Te_20  Te_20a



Date: Iron Dragon year (1880? 1940?)
Lines: 8
Script: ’khyug ma tshugs


  1. cag pho grug lo la | ster spa {1S} yul spa dang gan spa la go la zhus nas | chod nas yi zhus nas | chod yi gam ca phul spa la | ’de nas ha la chang ses skyur ses
  2. byed pa’i sa med pa’i gam ca phul spa yin | chang myon nas thung sa med | chang tsos nas thung sa med | ster spa yul spa yi ska sku rim gang byed gos byung na yang khra
  3. to ko long byed sa med | rol spo khor ’dus yul spa tsho sum gos pa’i ’dus so ’ong sa med | chod nas yi thug byi phyin spo yi {phu} pho gan pa’i ’dus nas rtar skyu med |
  4. chos nas yi gos spa byung na gan spa la zhus nas ma na tsos sa med | ’de la gal spa byung na ba snga cu khrim bdag la phul skyu yi | yul spa sri kyab tshi ri
  5. yi rtag | dang | gan spa ga drug tshi ri yi rtag | {chod 2S} chod nas nga | ’ang khrisl yi rtag | bkra shis |
  6. sted spa yul spa yi brong rang bdag yi khyim ’du | chod nas la phyab ka zhus skyu med | rang la gos spa byung na spar | zhan zhus skyu med | ’de la gal spa byung na
  7. chod tshig ’de la gal spa byung na | ba zho gang spo la zhus skyu med | bkra shis |
  8.  {±11S}

Note: a systematic emendation of the orthography in this document would be largely pointless owing to the intractability of the grammar. The selective emendations that follow are intended to help the reader to see how the translation might be justified.

1. lcags pho ’brug lo; yul pa dang rgan pas sgo lha la zhus nas (?) | mchod gnas kyis; “chod yi gam ca” is apparently a conflation of chod tshig and Nep. gaca; chang bzi skyur bzi 2. chang nyos nas; yul pas {ska}/bka’ sku rim 2–3. phrag dog 3. ko long; yul pa tsho gsum bgod pa’i dus su; for remainder of line see translation below 4. ’ba’ lnga bcu khrims 6. mchod gnas la chab ka

Iron Dragon year. The chaplain spoke to the sgo lha at the request of the people and headmen of Te, and this written agreement was accordingly drawn up: this is an agreement to the effect that, henceforth, there should be no drunkenness [on the part of the chaplain]. He may not buy beer to drink, nor may he make beer to drink. If the community of Te needs to perform a [Buddhist] ceremony he should not become jealous and envious [at the sight of people drink- ing beer]. During the [annual] changeover of the constables, when the villages are divided into three sectors, he may not come. The income (pho < phog) from the [temple] of the Great Compassion (thug byi phyin po < thugs rje chen po) should be collected by the headmen (gan pa’i ’dus nas < rgan pas bsdus nas) but should not be given to the chaplain (chod nas yi…rtar skyu med < mchod gnas la…ster rgyu med). (Translation of last sentence tentative.) If the chaplain needs [beer] he may brew it only after asking the headmen. If he should violate this, he shall pay a fine of 50 [rupees] to [whoever is the relevant] legal authority. The villager Srid skyabs tshe ring, the headman dGa’ drug tshe ring, and the chaplain Ngag dbang ’phrin las (?) sign.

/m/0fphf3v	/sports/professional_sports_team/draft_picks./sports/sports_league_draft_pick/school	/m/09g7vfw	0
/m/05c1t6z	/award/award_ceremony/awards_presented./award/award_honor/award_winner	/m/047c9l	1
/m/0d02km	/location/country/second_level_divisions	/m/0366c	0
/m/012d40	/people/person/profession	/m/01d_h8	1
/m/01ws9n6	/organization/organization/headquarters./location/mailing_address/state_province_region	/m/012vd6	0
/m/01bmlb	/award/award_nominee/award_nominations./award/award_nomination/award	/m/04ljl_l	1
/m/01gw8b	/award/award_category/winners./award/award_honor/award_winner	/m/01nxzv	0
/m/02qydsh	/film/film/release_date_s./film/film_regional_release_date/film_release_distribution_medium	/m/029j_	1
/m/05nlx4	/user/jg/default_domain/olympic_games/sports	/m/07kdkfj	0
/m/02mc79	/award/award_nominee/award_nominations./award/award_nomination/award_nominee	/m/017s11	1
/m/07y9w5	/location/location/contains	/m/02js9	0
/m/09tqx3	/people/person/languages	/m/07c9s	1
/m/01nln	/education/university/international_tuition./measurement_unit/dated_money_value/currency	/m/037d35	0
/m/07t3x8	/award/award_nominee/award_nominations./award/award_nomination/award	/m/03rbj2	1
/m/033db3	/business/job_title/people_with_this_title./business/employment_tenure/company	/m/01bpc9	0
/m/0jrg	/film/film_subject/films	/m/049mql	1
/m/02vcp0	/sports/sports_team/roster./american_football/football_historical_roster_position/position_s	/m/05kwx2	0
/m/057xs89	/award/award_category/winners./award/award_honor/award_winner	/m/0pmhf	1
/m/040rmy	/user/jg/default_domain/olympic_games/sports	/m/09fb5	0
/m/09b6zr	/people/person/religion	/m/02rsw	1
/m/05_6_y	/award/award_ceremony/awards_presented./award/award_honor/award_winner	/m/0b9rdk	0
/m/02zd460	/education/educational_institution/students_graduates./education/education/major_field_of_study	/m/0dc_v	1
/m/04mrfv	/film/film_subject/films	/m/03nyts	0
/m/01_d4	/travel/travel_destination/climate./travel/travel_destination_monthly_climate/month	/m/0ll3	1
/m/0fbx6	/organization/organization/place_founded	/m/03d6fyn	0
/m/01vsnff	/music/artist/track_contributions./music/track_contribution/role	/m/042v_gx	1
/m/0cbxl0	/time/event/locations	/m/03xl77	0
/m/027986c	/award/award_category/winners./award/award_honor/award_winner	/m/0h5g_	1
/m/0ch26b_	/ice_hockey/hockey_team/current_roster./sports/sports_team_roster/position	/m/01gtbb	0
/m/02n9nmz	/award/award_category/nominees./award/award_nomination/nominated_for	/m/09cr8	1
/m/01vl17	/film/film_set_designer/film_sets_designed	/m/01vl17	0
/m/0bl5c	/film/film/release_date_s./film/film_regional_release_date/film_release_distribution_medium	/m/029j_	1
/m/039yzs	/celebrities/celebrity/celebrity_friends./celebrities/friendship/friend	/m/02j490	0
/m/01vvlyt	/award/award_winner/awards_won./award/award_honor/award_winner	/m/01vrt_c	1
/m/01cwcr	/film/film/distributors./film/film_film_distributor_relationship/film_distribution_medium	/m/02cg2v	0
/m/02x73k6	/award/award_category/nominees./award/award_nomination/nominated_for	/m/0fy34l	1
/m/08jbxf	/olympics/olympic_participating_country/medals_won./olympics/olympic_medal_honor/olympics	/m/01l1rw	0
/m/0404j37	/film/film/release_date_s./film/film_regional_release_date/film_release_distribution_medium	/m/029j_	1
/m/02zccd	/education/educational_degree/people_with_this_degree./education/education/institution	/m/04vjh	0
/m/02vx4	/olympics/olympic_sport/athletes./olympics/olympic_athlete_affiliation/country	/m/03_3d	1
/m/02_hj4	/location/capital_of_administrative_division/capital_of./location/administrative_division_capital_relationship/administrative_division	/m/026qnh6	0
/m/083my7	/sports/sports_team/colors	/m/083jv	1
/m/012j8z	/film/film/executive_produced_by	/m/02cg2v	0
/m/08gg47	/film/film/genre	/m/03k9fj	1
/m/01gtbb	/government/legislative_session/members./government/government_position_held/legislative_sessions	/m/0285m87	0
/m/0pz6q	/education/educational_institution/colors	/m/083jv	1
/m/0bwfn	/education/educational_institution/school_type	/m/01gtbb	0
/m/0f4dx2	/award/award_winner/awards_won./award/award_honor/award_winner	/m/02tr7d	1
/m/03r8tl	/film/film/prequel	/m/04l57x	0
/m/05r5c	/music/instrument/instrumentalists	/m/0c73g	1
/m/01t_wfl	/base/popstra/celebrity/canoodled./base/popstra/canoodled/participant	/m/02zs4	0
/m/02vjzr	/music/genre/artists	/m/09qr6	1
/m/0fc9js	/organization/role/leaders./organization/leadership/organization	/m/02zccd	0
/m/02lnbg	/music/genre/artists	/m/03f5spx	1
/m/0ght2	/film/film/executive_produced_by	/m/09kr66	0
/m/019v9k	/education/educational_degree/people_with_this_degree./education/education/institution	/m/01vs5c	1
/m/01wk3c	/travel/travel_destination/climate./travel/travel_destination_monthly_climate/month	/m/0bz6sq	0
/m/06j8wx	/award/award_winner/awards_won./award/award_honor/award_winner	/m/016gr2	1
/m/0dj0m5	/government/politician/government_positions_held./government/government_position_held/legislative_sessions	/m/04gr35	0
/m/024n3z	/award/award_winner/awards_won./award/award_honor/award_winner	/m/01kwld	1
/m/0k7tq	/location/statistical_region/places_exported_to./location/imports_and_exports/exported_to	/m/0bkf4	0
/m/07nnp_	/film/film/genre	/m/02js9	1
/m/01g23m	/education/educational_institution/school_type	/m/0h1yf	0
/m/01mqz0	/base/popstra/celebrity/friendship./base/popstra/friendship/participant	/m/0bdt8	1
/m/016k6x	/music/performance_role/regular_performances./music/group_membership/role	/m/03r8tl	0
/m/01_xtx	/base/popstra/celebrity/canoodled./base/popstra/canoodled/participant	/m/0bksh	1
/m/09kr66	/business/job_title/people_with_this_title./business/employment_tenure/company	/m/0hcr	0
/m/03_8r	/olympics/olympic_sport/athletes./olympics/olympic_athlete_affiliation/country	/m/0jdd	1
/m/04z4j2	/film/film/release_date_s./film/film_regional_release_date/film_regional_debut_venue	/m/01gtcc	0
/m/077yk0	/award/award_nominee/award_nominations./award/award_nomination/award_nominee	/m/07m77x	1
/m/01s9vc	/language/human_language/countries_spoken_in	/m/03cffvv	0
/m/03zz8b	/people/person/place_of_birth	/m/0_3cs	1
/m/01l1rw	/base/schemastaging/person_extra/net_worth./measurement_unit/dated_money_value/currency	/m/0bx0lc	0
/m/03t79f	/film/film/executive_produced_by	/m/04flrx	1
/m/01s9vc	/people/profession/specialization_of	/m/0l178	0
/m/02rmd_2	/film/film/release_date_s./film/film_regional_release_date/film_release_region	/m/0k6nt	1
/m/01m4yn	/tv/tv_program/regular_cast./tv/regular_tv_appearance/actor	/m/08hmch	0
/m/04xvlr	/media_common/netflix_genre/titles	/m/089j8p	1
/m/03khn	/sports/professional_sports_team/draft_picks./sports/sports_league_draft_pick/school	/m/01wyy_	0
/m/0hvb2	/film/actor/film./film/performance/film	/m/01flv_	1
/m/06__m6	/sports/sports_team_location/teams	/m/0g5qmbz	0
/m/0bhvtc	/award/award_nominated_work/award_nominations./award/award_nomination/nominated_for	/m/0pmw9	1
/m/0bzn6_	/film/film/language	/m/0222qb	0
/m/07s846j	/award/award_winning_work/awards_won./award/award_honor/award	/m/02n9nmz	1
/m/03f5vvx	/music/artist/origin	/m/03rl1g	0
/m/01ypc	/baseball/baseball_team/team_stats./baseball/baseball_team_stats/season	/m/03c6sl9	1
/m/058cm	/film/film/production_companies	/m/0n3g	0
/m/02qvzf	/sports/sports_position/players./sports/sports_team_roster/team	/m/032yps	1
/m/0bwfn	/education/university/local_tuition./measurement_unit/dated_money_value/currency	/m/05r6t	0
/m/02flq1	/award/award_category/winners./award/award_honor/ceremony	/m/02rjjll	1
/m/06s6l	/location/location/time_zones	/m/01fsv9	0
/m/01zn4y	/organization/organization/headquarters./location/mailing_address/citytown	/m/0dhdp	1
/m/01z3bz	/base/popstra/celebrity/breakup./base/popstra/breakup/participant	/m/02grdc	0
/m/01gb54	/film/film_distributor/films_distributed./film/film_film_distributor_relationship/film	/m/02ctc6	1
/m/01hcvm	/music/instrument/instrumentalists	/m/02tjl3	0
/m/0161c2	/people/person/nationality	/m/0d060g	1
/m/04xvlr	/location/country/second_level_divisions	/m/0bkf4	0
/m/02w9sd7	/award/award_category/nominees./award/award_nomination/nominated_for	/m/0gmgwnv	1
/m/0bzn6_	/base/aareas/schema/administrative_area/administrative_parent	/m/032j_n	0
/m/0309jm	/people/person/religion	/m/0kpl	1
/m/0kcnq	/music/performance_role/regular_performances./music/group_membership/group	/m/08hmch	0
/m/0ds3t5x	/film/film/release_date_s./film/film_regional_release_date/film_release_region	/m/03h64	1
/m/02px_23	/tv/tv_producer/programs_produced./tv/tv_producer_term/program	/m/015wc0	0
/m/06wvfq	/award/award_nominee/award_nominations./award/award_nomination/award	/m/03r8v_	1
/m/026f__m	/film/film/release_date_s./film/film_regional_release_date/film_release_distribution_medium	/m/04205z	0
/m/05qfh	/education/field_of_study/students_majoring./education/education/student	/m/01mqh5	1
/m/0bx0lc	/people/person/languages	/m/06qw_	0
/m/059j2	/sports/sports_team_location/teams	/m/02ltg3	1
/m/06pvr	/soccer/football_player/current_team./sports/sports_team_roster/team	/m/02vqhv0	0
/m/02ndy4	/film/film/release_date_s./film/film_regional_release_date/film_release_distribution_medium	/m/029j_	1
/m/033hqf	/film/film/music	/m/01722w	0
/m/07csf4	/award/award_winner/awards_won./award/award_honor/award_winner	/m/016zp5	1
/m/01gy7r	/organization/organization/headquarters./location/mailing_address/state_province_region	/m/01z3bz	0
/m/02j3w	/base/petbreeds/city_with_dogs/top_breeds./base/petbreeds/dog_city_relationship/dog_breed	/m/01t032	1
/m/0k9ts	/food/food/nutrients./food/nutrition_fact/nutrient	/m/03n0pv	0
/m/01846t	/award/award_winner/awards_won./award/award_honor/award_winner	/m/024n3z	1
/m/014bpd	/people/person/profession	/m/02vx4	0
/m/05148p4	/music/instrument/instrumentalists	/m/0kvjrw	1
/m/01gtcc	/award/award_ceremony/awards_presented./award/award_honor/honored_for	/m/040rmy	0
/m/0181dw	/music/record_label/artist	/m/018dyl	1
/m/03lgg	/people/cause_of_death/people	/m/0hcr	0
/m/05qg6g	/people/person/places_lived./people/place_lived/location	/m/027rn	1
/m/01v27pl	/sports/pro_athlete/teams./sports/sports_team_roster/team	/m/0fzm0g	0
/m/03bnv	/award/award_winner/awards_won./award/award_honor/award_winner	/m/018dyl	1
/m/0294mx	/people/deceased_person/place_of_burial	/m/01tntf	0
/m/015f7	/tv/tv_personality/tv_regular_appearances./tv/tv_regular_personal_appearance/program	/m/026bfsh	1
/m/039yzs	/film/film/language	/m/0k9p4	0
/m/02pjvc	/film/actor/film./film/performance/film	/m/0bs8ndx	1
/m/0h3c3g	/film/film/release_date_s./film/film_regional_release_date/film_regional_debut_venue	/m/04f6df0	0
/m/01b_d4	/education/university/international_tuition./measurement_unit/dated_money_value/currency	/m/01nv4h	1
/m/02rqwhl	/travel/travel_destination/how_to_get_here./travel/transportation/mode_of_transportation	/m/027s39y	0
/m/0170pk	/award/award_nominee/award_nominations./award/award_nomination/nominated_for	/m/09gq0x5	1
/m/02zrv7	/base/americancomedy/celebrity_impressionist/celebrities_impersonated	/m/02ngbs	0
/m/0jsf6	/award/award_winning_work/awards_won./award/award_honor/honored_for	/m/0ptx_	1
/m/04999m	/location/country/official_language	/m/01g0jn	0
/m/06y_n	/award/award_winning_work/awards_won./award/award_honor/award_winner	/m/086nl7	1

The people of Te may not, in their own private houses, serve beer to the chaplain. [It is all right for them to drink] if they so wish, but they may not offer him any. If this is violated… (sentence incomplete). If this agreement is violated a fine of one zho (i.e. 8 rupees) must be paid (lit. must not be paid).

This document seems at first sight to represent an attempt to restore discipline among Te’s monks, since there is nothing to indicate that the mchod gnas is a single individual. Important clues that this is not the case lie in the mention of the sgo lha and the fact that the offending mchod gnas has invoked this divinity. Until recent times there was always one oracle (lha pa or lha ’bab) in Te whom the territorial divinities of the community would periodically possess. These episodes are reported to have been sudden, unforeseen and dramatic. The first in the series of gods to ‘enter’ the medium was the sgo lha, who is believed to reside above the door of Te’s temple, the Thugs rje chen po (so called because it houses an image of Avalokiteśvara. The orthographic form sgo lha is conjectural: on this class of divinity, and the related ’go lha, see Nebesky-Wojkowitz 1959). The attendant of the oracle would immediately light a fire of juniper branches in front of the possessed medium, and put questions to the sgo lha. The first of these questions invariably concerned the identity of the other gods whom the sgo lha, who played something of a gatekeeping role, would summon from the surround- ing hills and mountains. The most important divinity is Jo bo Shar btsan gnyan po (also known as Shar btsan pa and Shar btsan rgyal po), whose shrine stands on a ridge to the east of the settlement, and whose utterances often concerned matters of ritual purity: through the medium he would warn women to keep their distance, and on one occasion physically chastised the attendant for not having washed his hands before performing the daily offering to the gods in the temple. Tepas who worship Shar btsan pa as their principal household god (Tk dimilha) are not permitted to eat beef or even yak meat. It seems likely that the mchod gnas referred to in this document denotes the oracle’s attendant, a layman who also functions as the sacristan of the temple. The only other reference to this community official in the Te archives is in document HMA/Te/Tib/27, l. 11, which mentions that the doors of the temple were locked by the mchod gnas (chos nas). An injunction against his consuming alcohol would be consistent with the seemingly Hindu criteria of purity demanded by Shar btsan pa.